YouGen press release
Solar sales slump, but it is still an attractive investment
Posted on 3 May 2012 at 9:30 am
Returns are better than they were when the feed-in tariff started – but people need to act now to benefit before they reduce on 1 July 2012.
Solar PV installations slowed down radically in April despite still offering good returns on investment. There is a belief that the feed-in tariff, the government’s incentive for solar PV (and wind and hydro), ended on 31 March 2012. This is not true. Solar PV still gives annual returns of around 10%, which is better than was available in the first year of the feed-in tariff.
The phones have stopped ringing for many solar PV companies. “This is a pity because, with a generation tariff of 21p for installations up to and including 4kWp, solar PV is still a really attractive proposition,” says Cathy Debenham, founder of independent, consumer-led website YouGen. “I installed solar PV in the early days of the feed-in tariff, and because costs have fallen radically since then, people installing today will get a better return on investment than I did in February 2010.
“The trouble seems to be that people think that the feed-in tariff ended on the first of April . That is not true. It's still there. It still gives rates of return that are significantly higher than you'll get from a bank. And the capital costs of installation have more or less halved, making it accessible to more people. However, the rates are due to reduce on 1 June 2012, so it’s worth acting now to get the best deal.”
To illustrate the situation, see below what you get today with Cathy’s solar PV installation - which was installed in February 2010. She has a 2.1kW system, predicted to generate 1,672kWh (it actually produces more, so for ease of rounding we have used 1,700kWh in the calculations below).
Cost of installation: £9,000 (this included panels at cost, so most people installing at that time paid more)
Annual output: 1,700 kWh
Feed-in tariff generation rate @41.3p/kWh: £702.10
Used in the home: 850 kWh
Savings from electricity bill @12p/kWh: £102
Exported: 850 kWh
Income from export @3p/kWh: £25.50
Total return: £829.60
Annual return: 9.2%
Payback: 10.9 years
Now you can get a 4kWp system for less than Cathy paid for a 2.1kW system. So here are the same calculations run again for a bigger system.
Cost of installation: £8,500
Annual output: 3,400 kWh
Feed-in tariff generation rate @21p/kWh: £714
Used in the home: 1,700 kWh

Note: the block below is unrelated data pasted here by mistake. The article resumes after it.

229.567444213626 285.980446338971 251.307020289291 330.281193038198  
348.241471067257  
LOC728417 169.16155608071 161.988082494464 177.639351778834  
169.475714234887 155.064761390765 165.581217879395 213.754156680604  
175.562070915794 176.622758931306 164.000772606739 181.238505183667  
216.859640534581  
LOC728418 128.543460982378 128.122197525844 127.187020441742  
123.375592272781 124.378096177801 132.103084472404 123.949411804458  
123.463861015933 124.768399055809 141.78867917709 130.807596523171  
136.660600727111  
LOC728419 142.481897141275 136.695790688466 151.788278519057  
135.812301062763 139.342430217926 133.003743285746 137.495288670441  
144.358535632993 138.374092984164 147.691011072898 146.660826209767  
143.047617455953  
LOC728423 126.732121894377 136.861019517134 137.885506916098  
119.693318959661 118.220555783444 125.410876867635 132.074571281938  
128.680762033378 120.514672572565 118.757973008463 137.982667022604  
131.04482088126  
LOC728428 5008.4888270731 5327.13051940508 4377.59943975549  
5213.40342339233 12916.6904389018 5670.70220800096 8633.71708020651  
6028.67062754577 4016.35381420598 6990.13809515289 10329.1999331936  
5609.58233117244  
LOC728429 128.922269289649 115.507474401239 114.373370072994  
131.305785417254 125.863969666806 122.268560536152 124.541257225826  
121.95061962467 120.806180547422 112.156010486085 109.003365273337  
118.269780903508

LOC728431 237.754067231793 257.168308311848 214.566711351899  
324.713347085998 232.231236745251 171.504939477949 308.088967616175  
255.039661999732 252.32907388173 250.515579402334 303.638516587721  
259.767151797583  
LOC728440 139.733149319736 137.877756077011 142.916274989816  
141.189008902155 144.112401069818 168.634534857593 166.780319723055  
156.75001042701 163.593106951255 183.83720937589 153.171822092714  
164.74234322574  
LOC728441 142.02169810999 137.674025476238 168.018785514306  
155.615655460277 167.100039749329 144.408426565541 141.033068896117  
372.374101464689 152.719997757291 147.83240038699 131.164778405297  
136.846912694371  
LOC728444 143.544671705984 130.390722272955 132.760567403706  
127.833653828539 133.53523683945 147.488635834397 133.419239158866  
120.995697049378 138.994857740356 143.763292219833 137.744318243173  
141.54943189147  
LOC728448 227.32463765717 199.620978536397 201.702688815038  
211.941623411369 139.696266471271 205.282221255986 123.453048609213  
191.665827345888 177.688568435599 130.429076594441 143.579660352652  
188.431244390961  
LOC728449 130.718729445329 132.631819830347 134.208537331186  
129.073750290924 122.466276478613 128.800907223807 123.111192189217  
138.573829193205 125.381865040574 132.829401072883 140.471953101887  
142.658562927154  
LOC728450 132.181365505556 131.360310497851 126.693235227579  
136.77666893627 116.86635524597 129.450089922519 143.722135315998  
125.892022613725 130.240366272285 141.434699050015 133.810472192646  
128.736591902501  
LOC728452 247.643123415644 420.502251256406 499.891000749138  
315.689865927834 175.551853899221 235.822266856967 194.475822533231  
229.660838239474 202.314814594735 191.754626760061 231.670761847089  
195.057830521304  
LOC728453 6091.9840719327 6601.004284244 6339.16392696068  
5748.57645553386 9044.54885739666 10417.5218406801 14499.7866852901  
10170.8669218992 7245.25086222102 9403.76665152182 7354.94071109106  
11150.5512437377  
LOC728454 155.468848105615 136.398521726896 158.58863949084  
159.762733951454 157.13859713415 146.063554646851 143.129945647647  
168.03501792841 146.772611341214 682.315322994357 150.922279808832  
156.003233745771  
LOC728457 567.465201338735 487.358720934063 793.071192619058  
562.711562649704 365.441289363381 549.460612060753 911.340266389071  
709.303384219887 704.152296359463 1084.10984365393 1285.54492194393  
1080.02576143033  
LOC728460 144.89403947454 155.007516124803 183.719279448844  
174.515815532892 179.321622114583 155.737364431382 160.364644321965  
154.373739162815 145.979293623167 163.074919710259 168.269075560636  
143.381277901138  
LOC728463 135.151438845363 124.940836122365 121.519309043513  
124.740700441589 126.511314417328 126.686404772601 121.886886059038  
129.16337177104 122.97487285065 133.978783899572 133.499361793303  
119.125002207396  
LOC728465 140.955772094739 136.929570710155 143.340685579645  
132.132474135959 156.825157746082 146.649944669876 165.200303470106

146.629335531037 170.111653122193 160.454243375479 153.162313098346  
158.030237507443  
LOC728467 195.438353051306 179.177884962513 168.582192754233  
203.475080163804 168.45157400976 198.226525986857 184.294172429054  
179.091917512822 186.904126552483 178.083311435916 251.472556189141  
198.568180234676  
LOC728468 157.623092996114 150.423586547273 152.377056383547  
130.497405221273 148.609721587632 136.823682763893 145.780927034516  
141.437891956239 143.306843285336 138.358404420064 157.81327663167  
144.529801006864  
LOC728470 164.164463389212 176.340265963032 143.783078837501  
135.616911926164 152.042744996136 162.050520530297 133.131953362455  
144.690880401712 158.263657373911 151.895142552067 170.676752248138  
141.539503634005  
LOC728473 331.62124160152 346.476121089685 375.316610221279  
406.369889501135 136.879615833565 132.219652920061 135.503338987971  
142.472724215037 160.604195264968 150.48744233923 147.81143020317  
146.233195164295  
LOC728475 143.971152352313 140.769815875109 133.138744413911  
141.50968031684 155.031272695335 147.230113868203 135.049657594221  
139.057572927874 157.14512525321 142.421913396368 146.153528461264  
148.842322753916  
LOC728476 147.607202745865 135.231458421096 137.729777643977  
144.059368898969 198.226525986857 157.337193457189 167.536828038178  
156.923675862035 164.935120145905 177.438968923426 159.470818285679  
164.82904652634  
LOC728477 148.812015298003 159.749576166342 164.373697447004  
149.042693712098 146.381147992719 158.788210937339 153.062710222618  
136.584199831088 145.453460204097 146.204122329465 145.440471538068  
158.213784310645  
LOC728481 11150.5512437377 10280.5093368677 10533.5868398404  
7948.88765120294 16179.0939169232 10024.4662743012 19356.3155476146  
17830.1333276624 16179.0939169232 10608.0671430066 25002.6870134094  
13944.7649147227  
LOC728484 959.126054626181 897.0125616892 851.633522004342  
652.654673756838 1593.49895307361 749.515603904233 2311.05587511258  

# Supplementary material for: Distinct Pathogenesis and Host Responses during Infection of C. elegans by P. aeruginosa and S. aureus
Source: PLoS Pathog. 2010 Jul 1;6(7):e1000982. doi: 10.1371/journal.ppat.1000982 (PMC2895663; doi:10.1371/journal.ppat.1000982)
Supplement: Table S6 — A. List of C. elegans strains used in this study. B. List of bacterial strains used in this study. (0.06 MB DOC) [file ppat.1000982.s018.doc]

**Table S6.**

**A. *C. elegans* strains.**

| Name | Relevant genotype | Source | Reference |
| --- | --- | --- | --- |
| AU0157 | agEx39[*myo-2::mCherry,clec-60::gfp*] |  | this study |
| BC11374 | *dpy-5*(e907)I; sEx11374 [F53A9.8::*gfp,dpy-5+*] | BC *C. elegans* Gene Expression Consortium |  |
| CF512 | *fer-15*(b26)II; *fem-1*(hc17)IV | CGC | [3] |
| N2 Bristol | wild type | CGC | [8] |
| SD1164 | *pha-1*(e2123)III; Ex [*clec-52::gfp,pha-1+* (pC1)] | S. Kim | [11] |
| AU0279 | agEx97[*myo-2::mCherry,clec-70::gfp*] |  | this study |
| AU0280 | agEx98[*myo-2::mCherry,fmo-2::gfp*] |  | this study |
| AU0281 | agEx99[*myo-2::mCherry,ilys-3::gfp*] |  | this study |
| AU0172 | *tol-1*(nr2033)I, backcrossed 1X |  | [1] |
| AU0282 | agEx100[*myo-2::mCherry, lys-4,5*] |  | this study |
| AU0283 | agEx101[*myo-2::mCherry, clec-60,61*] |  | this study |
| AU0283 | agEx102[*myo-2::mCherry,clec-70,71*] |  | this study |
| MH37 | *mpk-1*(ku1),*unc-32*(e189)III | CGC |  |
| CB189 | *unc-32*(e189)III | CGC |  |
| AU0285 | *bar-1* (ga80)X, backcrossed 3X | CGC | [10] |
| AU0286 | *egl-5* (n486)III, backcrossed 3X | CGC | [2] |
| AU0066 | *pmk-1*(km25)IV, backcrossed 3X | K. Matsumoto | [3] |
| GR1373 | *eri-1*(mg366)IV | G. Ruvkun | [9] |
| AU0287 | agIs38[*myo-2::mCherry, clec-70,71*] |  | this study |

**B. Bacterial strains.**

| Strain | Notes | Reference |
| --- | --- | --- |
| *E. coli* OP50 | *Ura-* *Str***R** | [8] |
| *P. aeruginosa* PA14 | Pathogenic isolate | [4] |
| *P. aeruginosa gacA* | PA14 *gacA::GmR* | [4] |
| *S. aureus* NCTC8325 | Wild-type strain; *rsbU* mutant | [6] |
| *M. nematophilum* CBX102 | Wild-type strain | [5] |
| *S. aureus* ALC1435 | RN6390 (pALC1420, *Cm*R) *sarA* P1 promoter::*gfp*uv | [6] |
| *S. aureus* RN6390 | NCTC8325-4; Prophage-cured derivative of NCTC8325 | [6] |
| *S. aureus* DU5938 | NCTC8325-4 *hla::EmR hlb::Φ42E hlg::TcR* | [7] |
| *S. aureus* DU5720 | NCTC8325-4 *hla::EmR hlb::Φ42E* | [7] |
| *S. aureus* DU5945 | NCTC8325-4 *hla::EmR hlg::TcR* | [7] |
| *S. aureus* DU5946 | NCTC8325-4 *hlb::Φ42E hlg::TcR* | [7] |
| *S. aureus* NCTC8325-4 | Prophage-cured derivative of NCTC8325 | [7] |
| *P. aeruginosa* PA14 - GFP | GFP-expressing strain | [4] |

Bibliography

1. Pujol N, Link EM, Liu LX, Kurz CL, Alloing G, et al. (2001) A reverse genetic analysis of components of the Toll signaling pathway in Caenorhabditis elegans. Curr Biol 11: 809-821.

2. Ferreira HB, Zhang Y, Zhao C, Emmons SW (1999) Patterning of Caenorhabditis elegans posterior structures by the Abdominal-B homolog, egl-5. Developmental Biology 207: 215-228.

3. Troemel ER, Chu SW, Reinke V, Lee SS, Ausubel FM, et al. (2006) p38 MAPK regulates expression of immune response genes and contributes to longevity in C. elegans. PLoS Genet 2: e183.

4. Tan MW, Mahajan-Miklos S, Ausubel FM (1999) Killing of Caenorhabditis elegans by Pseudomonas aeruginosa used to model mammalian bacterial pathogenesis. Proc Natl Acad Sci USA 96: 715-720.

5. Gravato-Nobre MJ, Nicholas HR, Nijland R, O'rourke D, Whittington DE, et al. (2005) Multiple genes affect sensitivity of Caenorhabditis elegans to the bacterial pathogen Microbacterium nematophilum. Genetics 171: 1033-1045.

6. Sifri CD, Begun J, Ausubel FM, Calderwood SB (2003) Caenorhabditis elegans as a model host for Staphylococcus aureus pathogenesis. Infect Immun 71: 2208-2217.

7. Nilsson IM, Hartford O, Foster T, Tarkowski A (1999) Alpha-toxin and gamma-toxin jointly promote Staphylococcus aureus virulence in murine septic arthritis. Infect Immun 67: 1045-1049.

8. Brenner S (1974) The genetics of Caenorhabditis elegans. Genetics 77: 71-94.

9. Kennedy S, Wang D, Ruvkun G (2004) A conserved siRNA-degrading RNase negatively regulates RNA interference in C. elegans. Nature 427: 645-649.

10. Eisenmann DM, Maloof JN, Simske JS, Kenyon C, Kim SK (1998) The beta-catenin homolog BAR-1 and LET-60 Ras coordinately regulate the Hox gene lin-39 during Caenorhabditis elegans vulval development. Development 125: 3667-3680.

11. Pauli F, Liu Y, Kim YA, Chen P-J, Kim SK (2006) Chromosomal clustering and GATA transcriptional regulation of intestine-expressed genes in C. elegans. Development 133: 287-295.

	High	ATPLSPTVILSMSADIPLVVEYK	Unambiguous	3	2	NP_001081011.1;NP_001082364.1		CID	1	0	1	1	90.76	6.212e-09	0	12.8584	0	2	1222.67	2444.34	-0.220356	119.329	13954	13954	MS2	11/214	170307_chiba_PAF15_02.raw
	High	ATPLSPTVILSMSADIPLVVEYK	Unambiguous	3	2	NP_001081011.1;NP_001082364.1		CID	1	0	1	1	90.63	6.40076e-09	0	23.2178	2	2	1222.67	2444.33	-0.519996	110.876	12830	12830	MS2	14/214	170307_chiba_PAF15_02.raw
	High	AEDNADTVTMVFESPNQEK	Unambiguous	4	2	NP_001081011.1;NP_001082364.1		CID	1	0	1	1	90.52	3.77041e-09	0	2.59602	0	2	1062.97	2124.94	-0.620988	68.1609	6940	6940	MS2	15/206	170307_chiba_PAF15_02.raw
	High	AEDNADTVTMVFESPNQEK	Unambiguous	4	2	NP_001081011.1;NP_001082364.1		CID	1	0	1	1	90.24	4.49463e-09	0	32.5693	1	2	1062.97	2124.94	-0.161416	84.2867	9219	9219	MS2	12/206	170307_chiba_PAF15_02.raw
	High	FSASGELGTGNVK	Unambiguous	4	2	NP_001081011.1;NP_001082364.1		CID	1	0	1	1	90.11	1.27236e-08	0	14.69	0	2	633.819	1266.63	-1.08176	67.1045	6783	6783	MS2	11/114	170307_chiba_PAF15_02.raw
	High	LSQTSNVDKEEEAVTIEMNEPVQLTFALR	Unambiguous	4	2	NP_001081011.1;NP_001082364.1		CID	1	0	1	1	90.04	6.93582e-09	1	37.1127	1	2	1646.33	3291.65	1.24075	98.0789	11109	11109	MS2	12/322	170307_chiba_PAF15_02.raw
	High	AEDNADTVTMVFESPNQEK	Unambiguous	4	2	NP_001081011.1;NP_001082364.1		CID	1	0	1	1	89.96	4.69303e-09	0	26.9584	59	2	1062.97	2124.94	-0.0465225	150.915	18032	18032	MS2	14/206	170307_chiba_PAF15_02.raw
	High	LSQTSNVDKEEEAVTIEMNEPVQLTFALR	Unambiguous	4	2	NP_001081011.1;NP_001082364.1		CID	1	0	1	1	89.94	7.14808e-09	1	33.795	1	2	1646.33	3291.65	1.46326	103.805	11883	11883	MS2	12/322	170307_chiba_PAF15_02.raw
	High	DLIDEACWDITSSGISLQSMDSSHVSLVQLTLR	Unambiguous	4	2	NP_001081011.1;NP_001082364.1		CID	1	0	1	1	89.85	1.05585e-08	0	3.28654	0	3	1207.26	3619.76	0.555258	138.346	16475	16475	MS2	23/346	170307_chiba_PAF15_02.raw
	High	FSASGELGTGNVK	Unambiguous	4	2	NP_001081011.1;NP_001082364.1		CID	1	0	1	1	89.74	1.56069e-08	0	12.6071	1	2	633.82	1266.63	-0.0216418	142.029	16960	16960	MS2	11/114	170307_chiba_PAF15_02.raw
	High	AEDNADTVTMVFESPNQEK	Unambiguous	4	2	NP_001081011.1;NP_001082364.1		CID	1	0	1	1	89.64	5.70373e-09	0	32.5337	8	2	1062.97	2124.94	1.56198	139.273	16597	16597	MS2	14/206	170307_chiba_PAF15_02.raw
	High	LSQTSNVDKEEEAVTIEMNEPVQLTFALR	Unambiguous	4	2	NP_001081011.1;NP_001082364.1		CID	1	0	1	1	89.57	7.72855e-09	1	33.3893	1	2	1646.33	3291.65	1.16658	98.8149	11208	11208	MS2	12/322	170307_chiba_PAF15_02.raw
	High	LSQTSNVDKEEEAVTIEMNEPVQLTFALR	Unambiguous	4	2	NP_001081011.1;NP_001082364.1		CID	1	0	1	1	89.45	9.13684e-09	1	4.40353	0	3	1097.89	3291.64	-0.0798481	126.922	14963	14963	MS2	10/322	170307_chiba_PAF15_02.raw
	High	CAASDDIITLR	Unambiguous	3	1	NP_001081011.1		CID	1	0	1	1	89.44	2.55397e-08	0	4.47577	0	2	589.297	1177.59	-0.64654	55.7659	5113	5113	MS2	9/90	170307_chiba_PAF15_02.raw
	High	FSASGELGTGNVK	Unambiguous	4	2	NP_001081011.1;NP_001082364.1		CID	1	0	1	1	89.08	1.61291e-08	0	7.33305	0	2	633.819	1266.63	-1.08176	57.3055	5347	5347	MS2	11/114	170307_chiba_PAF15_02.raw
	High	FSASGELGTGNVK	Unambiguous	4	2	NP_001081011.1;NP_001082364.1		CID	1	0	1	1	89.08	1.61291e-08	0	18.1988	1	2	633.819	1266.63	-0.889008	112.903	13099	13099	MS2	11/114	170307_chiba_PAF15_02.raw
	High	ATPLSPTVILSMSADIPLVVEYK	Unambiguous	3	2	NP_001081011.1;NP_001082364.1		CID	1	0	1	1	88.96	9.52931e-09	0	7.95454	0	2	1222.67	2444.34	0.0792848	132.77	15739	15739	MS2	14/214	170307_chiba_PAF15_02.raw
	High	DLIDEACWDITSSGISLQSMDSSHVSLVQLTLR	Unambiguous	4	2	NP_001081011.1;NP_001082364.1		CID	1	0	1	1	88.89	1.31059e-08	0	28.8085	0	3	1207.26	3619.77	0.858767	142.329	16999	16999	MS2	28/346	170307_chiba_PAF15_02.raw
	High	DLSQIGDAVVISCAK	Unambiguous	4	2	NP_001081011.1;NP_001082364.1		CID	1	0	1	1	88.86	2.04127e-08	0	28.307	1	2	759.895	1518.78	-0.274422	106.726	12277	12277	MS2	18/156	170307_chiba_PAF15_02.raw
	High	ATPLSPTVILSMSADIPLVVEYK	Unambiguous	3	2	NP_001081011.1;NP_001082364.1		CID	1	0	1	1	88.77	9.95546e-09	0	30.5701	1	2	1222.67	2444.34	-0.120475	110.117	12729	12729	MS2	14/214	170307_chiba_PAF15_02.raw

Savings from electricity bill @14p/kWh: £238
Exported: 850 kWh
Income from export @3p/kWh: £51
Total return: £1003
Annual return: 11.8%
Payback: 8.5 years
These calculations are rough guides only*, as they do not allow for any maintenance costs, and do not annualise or levelise the capital expenditure. Click here to see the Department of Energy and Climate Change's method of calculating rate of return.
“These calculations demonstrate that solar PV is still attractive” says Cathy, “and as electricity prices continue to rise, and installation costs fall, it will get closer and closer to grid parity, and will no longer need government incentives”.
“There is a two month window of opportunity to still get solar PV before the rates reduce again**. It's not as attractive as it was pre 12 December last year when the returns were ridiculously high, but it's still a good insurance against the steadily increasing energy prices.
“Don't leave it until the last two weeks of June to ring an installer. They've proved that they are good at reacting to deadlines, but if you leave it too late, they may have laid off their staff. People can find a local installer who has been recommended by their previous customers on YouGen.
Notes for Editors
* The assumption on generation is based on a SAP calculation for Sheffield, and is an under-estimate in many systems. The electricity cost of the first example is based on prices in early 2010, and the second is based on prices now. Both workings assume that you use half of what is generated, and export the rest. This is probably not the case, and most domestic installations are likely to export more than half, however the feed-in tariff is ‘deemed’ to be half, and that is what they will receive. Commercial installations with heavy daytime on-site electricity use will get a better rate of return as they will use more than half of their generated electricity, and save more on their electricity costs.
** The feed-in tariff is designed to ‘degress’. This means that as costs fall, and electricity prices rise, the tariff rates will reduce, until the tariff is no longer needed. Planned degressions are expected to take place on 1 July 2012; 1 October 2012, and six monthly thereafter. However, these plans are still under consultation, so they may change. For the same reason, the rates that will apply in July are not yet known.
You can find the latest installation figures here: (scroll down to the link for Weekly solar PV installation and capacity.